July 7, 2016, Schnecksville, PA – Lehigh Valley Zoo’s resident golden eagle recently welcomed a new roommate as a young bald eagle joined her in the Zoo’s North American section. This bald eagle—like many of the Zoo’s raptors—comes to the Zoo from licensed rehabilitators. It was originally taken in by the Dickerson Park Zoo in Springfield, Missouri, where veterinarians diagnosed it with a fractured elbow. It was successfully nursed back to health but the injury was so severe it was unable to fly. Unflighted, it would be unable to hunt, making survival in the wild impossible. In such cases zoos can provide a safe, permanent home where medical and nutritional needs can be properly met.
Guests should know that at first glance, it may look like a second golden eagle has moved in—but don’t worry—even experienced birders can make such a mistake. That’s because bald eagles go through several color stages as they mature. At about a year old, their plumage looks very similar to a golden eagle, but it takes up to five years for bald eagles to develop their more recognizable adult coloring. As a bald eagle ages, its body color goes from mottled brown and white to a solid deep brown, its head changes from charcoal black to bright white, and its beak goes from black to yellow. Even its eyes change colors, going from dark brown as a juvenile to bright yellow as an adult.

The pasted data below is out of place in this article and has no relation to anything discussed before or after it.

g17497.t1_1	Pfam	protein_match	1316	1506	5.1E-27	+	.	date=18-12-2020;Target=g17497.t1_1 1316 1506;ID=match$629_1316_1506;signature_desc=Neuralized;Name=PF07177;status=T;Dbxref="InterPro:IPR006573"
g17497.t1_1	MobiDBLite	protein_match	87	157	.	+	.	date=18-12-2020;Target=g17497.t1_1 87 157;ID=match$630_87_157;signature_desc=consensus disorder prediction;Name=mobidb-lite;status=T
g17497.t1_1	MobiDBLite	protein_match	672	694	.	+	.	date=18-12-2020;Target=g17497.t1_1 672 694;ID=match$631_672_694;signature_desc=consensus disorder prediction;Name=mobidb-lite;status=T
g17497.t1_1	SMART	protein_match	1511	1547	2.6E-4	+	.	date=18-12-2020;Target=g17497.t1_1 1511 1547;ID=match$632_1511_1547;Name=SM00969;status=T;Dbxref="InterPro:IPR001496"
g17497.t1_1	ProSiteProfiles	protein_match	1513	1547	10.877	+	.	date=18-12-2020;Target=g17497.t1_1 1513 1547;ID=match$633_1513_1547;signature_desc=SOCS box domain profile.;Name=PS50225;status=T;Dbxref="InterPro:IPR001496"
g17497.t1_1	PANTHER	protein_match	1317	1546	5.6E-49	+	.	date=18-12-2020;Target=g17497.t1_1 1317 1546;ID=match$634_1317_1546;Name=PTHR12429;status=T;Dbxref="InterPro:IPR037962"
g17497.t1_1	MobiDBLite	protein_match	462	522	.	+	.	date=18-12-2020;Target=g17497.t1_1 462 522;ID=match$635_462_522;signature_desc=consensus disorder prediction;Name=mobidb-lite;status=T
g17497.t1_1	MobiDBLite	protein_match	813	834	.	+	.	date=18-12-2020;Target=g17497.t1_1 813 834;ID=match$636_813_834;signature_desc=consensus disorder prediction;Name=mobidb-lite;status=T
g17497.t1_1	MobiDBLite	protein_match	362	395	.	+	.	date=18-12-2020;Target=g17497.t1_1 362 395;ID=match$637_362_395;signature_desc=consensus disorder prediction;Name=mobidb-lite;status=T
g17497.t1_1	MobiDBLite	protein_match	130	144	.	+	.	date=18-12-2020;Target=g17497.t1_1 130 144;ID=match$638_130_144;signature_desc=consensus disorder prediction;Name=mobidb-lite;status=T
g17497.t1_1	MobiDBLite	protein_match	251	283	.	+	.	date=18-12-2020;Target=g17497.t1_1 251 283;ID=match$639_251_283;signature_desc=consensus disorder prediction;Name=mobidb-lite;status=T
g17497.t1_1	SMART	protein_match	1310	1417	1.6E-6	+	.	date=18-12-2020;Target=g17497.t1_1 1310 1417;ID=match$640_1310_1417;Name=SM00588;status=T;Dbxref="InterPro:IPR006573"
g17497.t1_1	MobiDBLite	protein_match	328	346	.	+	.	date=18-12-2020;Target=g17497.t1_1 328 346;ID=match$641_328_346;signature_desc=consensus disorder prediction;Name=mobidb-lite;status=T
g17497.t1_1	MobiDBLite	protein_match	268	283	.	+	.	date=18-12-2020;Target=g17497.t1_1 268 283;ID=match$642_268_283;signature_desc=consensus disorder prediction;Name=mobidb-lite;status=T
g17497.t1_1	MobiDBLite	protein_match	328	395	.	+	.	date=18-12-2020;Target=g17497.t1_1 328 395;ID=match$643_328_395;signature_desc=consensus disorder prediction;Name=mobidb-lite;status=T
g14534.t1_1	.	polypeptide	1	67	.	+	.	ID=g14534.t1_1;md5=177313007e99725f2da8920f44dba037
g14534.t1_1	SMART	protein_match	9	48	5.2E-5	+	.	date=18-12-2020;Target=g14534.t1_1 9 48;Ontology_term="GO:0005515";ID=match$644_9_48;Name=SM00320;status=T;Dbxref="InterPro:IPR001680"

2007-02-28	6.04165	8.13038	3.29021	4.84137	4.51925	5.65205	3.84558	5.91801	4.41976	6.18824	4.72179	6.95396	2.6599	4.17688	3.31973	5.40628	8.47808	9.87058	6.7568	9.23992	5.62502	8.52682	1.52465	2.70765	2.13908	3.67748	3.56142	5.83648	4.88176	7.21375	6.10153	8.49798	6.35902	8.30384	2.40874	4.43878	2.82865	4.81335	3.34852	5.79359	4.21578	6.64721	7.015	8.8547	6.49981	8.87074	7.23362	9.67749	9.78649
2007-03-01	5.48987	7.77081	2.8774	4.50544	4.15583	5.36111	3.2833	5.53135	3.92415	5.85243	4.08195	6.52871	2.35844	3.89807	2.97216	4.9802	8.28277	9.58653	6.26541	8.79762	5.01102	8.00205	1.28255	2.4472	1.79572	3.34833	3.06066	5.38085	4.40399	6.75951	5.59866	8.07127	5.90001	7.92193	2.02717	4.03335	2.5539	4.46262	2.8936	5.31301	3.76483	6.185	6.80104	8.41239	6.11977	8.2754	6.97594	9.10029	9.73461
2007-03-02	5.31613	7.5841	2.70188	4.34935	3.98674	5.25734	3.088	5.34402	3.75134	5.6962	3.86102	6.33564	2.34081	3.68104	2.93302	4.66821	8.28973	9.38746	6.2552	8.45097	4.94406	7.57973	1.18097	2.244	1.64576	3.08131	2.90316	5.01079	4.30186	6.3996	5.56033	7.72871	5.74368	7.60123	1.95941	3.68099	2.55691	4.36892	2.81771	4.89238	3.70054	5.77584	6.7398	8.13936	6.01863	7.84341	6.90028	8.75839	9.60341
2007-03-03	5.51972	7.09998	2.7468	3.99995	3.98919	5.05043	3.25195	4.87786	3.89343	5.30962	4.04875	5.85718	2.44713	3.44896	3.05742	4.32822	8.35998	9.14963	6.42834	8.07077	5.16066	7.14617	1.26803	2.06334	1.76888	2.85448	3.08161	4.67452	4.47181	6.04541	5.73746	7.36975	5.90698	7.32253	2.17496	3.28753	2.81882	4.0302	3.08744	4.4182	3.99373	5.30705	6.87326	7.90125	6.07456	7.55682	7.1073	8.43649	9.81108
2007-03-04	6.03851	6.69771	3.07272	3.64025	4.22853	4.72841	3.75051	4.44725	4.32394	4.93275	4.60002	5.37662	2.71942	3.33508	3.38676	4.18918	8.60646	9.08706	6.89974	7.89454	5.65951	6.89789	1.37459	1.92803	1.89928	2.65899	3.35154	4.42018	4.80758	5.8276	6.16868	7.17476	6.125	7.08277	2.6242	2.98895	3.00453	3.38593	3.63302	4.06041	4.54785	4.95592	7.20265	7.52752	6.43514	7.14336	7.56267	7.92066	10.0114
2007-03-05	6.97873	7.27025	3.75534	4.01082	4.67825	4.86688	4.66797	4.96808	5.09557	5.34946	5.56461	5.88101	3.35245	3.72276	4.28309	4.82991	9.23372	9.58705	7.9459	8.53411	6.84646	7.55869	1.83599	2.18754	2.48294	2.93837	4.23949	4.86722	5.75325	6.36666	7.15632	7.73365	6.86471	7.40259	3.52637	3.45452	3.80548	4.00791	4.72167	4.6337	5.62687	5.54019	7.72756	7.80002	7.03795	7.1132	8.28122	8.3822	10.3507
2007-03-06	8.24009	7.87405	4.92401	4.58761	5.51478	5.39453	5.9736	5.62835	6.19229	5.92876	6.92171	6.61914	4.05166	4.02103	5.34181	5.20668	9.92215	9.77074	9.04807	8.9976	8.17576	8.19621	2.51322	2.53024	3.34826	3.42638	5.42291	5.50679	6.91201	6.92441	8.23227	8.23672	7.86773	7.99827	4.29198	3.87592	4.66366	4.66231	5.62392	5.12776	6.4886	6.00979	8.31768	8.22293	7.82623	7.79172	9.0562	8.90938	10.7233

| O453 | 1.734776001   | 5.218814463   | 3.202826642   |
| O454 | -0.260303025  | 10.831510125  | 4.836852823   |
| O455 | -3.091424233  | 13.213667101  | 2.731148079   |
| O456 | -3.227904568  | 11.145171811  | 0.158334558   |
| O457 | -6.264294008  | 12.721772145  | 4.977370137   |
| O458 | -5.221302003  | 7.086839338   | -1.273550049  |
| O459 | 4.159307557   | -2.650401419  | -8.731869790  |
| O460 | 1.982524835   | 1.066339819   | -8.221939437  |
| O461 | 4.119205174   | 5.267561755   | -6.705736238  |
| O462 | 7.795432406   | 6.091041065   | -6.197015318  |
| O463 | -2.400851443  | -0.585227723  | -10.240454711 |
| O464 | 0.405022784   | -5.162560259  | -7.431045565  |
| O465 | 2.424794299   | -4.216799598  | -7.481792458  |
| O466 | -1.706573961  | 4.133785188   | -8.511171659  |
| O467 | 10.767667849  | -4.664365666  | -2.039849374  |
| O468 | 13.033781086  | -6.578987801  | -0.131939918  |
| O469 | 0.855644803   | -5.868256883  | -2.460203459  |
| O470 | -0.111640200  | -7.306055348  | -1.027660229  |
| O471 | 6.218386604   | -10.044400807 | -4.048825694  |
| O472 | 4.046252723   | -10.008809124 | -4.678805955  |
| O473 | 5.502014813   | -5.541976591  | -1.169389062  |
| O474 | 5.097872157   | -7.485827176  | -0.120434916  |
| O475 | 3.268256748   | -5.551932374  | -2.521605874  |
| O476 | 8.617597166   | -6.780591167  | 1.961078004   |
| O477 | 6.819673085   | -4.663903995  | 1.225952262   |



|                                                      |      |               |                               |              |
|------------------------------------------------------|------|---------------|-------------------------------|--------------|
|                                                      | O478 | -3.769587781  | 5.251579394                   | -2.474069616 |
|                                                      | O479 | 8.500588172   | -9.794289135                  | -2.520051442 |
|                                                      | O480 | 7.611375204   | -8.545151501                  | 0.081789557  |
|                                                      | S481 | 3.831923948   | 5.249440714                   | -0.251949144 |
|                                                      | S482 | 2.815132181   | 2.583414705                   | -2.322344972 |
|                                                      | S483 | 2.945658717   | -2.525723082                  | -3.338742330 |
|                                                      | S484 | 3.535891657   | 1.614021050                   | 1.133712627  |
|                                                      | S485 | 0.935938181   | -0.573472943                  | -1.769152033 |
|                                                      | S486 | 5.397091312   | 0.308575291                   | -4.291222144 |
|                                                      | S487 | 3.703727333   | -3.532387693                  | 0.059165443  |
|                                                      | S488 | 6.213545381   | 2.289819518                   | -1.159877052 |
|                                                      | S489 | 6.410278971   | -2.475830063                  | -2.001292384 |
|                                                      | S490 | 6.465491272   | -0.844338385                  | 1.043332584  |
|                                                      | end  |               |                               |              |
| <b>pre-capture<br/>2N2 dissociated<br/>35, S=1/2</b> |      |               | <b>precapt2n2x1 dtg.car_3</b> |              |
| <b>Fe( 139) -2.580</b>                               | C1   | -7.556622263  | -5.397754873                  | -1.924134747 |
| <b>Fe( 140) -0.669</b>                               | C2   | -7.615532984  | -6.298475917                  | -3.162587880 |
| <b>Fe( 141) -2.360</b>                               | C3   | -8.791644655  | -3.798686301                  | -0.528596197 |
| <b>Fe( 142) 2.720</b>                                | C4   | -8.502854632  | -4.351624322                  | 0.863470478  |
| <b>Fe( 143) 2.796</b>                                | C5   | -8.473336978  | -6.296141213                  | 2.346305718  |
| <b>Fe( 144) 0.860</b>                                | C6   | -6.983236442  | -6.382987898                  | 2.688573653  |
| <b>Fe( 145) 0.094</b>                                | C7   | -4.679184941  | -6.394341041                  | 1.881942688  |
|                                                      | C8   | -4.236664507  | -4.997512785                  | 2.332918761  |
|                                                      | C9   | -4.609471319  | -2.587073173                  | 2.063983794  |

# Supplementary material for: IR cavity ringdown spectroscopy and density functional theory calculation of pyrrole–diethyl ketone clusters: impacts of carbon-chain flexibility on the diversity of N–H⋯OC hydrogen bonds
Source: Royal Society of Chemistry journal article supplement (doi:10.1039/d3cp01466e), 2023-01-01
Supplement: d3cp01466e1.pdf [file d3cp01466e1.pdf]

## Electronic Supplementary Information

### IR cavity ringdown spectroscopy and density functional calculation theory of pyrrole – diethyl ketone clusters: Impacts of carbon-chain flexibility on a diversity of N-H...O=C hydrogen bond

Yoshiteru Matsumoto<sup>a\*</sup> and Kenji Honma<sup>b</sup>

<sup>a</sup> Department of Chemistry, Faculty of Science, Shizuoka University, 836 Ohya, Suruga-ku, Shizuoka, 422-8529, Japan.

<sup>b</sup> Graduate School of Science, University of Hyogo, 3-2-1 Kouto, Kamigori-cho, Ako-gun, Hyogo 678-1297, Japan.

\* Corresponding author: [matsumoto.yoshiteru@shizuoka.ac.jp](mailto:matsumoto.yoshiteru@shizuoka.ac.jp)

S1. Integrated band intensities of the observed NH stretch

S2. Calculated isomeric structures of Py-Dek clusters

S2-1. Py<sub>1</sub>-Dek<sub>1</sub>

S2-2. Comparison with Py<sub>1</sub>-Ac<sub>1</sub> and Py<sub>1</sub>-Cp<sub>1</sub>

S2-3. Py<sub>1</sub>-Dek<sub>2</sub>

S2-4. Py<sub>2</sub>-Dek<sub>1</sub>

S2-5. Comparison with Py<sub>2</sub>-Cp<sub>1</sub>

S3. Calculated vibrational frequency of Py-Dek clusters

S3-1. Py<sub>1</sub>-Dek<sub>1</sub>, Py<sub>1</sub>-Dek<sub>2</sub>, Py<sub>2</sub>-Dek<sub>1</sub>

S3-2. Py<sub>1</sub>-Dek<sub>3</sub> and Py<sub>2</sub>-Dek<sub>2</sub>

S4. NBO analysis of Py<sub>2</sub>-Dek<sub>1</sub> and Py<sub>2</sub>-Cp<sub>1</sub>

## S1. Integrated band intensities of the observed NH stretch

As a member-supported non-profit organization, Lehigh Valley Zoological Society was founded in 2004, but as a treasured community landmark, the Zoo’s history spans over a century. Founded in 1906 by General Harry C. Trexler, a local industrialist, the Lehigh Valley’s Trexler Game Preserve has educated and entertained more than five million people.
Accredited by the Association of Zoos and Aquariums (AZA), the Lehigh Valley Zoo hosts year-round, family-friendly events and activities, educational programs, and camps. With a mission to create a safe, engaging and enlightening wildlife experience for guests of all ages, the Zoo demonstrates leadership in the cultural, scientific and conservation communities. To learn more about Lehigh Valley Zoo, we invite you to visit our website, www.lvzoo.org, or follow us on Facebook.